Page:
Actor Shashi Kapoor steps into the role of Amaz. The actor and producer was a mainstay in the Indian film industry racking up more than 170 credits during a career lasting more than 55 years. By the time he starred in A Matter of Innocence, he’d been landing staring roles for more than five years, including The Householder which is recognized as one of the earliest Merchant Ivory films.
The romantic pairing between Polly and Amaz is an interesting one which grounds the film squarely in this historically transitional period. The fact that they are even allowed to be seen as a couple is certainly notable. Hollywood cinema (specifically) banned interracial couplings throughout the middle of the twentieth century. Films had only started pushing against these rules into the 1950s and 1960s. Though, it must be added that (as mentioned) this film is British and handlings of race relations are going to be different the world over. This can’t be examined through a specifically Hollywood lens.
Though, the romantic in me did struggle a bit with eventual course of the ending. It’s easy to see Mills and Kapoor had chemistry, so the fact that as the story comes to an end, she leaves Singapore for Hong Kong on her own didn’t quite gel for me. I will admit to being a shameless romantic.
Ultimately, it does make sense from a feminist perspective. In an early third act conversation with her Uncle, he emphasizes that Polly is not meant to settle. Settling would be the equivalent of returning home to work at her mother’s bakery and marrying the boy down the block. She’s meant for bigger and better things. As the final credits roll, she’s happy, content and has a delightful parrot to keep her company. Sometimes that’s all a girl needs. (Despite how nice it is to see Polly absolutely worshiped by the wide-eyed Amaz).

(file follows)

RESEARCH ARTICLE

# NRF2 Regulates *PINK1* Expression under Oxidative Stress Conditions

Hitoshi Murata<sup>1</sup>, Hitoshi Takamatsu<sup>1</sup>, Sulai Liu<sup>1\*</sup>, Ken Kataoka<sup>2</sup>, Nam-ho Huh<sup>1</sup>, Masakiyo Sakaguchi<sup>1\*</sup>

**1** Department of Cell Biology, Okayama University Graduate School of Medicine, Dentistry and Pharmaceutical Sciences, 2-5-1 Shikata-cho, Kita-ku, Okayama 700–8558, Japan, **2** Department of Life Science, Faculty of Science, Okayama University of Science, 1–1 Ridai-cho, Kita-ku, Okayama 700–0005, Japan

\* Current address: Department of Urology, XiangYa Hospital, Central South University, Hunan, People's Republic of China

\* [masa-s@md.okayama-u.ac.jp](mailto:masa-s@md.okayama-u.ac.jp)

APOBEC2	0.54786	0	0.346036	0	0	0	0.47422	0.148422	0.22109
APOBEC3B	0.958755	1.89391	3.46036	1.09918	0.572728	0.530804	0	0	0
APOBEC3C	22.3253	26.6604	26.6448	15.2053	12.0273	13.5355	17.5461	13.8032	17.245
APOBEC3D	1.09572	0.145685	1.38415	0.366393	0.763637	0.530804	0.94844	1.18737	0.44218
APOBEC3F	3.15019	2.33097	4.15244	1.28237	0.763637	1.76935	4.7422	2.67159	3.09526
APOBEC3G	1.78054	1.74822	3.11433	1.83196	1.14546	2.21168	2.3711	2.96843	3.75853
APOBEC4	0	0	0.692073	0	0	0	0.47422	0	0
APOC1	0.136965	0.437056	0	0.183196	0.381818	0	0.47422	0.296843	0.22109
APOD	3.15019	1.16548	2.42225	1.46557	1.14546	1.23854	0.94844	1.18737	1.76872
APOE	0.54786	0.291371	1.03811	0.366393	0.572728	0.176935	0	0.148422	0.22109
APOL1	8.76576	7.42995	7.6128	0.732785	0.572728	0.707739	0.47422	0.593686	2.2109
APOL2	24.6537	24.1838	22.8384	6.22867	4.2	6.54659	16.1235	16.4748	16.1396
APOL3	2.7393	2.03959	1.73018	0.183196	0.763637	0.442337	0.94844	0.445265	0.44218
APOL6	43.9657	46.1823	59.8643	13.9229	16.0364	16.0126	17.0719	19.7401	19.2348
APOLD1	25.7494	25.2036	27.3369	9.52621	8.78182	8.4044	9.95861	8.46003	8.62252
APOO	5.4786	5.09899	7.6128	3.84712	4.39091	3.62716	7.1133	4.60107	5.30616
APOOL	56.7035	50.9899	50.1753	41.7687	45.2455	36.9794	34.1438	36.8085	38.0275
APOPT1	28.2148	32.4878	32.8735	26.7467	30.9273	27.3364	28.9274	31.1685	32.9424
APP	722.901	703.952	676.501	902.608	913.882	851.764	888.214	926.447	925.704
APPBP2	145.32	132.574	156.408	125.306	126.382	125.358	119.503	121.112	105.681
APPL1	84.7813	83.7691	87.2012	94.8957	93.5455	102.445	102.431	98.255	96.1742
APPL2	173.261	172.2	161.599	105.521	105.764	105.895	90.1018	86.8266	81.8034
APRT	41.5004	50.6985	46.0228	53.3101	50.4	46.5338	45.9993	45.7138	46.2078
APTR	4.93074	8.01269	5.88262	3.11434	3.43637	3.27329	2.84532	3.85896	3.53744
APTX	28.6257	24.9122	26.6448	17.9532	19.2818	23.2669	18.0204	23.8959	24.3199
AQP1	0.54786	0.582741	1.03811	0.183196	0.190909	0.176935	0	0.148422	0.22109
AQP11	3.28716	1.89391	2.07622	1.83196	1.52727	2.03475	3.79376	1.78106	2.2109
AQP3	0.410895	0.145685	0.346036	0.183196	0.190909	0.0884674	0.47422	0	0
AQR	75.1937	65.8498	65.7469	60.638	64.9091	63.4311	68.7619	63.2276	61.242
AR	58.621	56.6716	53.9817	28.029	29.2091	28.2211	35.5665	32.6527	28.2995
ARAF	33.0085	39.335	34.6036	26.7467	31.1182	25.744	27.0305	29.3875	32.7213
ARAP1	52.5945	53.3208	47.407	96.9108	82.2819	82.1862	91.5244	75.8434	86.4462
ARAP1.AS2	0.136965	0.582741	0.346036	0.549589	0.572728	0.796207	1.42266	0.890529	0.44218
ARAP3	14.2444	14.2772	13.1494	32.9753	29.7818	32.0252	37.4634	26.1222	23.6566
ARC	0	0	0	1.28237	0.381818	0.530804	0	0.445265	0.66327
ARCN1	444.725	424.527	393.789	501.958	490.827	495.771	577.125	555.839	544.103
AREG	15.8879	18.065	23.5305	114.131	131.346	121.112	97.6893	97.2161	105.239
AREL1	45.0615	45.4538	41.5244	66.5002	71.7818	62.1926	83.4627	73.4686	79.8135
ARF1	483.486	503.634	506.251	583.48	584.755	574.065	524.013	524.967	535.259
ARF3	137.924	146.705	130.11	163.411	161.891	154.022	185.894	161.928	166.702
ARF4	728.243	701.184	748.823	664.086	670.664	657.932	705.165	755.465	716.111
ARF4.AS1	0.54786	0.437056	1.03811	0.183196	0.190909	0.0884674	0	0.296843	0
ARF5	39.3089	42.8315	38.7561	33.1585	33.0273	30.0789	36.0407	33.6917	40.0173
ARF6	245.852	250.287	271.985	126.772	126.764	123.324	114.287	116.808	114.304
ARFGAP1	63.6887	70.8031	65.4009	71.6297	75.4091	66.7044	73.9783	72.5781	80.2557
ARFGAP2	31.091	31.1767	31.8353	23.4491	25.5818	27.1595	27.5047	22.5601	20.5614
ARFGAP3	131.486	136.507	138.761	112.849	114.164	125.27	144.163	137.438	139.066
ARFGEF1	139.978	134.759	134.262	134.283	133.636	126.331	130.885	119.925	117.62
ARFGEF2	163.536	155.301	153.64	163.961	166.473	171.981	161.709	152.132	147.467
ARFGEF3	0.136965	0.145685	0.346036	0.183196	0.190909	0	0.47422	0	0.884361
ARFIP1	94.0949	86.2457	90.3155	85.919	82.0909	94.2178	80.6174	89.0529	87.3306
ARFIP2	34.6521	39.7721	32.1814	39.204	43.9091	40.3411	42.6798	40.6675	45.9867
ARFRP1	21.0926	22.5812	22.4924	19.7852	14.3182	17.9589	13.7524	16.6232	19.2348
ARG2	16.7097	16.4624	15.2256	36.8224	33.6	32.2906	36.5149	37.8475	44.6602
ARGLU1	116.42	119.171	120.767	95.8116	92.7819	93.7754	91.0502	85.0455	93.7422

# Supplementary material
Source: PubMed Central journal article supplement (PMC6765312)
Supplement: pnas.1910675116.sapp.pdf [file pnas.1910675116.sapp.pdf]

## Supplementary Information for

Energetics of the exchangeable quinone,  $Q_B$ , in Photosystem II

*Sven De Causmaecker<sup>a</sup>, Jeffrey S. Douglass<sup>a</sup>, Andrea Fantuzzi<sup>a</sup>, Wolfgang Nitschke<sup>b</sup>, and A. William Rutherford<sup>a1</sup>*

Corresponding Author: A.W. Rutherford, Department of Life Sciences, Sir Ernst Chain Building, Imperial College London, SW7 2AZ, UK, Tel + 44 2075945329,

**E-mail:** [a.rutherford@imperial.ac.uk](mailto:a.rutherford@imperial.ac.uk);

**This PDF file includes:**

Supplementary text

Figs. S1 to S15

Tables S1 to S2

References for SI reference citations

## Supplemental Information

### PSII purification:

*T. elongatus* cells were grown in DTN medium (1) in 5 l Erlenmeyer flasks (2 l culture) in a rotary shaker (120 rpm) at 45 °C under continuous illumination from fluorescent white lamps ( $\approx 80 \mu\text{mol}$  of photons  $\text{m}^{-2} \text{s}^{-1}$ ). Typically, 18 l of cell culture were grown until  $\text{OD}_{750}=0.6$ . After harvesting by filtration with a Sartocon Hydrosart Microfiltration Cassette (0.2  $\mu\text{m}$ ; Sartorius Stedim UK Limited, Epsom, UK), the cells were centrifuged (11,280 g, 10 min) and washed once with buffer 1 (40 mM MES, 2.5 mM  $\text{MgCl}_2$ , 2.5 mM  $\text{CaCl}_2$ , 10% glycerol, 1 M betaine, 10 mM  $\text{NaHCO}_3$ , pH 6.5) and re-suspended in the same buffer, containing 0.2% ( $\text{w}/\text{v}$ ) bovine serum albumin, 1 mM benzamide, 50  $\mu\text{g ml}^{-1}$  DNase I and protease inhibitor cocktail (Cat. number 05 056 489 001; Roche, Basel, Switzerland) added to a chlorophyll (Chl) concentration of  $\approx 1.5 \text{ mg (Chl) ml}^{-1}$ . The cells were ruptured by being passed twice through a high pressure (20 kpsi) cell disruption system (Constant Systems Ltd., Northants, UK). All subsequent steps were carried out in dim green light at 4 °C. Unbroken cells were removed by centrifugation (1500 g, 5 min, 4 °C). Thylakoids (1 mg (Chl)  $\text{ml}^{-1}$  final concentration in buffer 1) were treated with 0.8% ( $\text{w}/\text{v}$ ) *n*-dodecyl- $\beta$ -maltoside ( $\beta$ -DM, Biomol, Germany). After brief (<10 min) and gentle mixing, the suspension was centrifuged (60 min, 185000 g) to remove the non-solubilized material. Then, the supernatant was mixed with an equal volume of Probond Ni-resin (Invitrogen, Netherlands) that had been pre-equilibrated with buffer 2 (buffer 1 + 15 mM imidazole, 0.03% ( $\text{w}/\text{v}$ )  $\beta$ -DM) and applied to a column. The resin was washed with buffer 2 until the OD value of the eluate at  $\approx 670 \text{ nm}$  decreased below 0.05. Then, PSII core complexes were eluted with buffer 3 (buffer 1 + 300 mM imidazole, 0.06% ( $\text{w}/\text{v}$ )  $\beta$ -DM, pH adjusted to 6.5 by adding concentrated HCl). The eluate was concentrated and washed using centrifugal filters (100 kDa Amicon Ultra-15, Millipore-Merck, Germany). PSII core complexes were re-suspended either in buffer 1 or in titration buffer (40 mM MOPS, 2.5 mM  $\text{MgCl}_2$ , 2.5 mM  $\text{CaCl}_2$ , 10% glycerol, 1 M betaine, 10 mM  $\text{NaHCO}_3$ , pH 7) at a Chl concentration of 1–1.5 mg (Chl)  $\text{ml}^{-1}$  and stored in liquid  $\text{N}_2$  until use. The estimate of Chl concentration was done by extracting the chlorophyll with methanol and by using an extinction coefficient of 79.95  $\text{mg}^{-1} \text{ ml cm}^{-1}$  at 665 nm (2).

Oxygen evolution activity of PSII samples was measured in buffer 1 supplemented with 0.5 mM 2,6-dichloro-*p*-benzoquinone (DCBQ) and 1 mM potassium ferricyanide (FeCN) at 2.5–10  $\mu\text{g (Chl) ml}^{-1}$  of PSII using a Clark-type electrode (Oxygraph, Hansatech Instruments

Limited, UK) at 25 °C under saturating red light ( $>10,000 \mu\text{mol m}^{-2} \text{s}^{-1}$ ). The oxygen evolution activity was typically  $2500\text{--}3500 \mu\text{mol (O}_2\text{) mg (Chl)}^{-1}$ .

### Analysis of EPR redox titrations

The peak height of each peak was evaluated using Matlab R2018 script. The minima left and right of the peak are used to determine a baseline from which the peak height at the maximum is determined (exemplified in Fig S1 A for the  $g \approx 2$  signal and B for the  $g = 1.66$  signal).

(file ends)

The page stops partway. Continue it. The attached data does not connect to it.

Granted, it’s difficult to completely ignore the interracial element of the narrative. Could the coupling have happened? It is difficult to say. Ultimately, A Matter of Innocence is one of the stories where it’s necessary to celebrate the small wins. Culture is slow to change, but evolution is always happening.
A Matter of Innocence is a surprisingly sweet, under-the-radar watch. The movie came out of nowhere to be one of my favorite of my ‘Hayley Mills’ watches over the month of September. It is certainly a transitional movie for the growing actress. Not only was history slowly moving passed the restraint and chastity of the early 1960s, but Mills was changing too. In this film, she gets a well-deserved opportunity to step out from behind the child roles she’d been playing for much of the 1960s and demonstrate that she could spread her wings. She was more than just ‘Pollyanna’.
This brings our September celebration of Hayley Mills’ work to a close. Even a quick look over Mills’ filmography shows that she was so much more than the Disney darling popular culture made her out to be. There’s some fascinating and interesting films to dive into over the course of her more than fifty years on-screen. What are some of your favorites? Let us know in the comments!
A Matter of Innocence is available to watch on YouTube.
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Podcaster, film historian, and general lover of all things classic film and television. Studying the contributions of women behind the camera in classic television.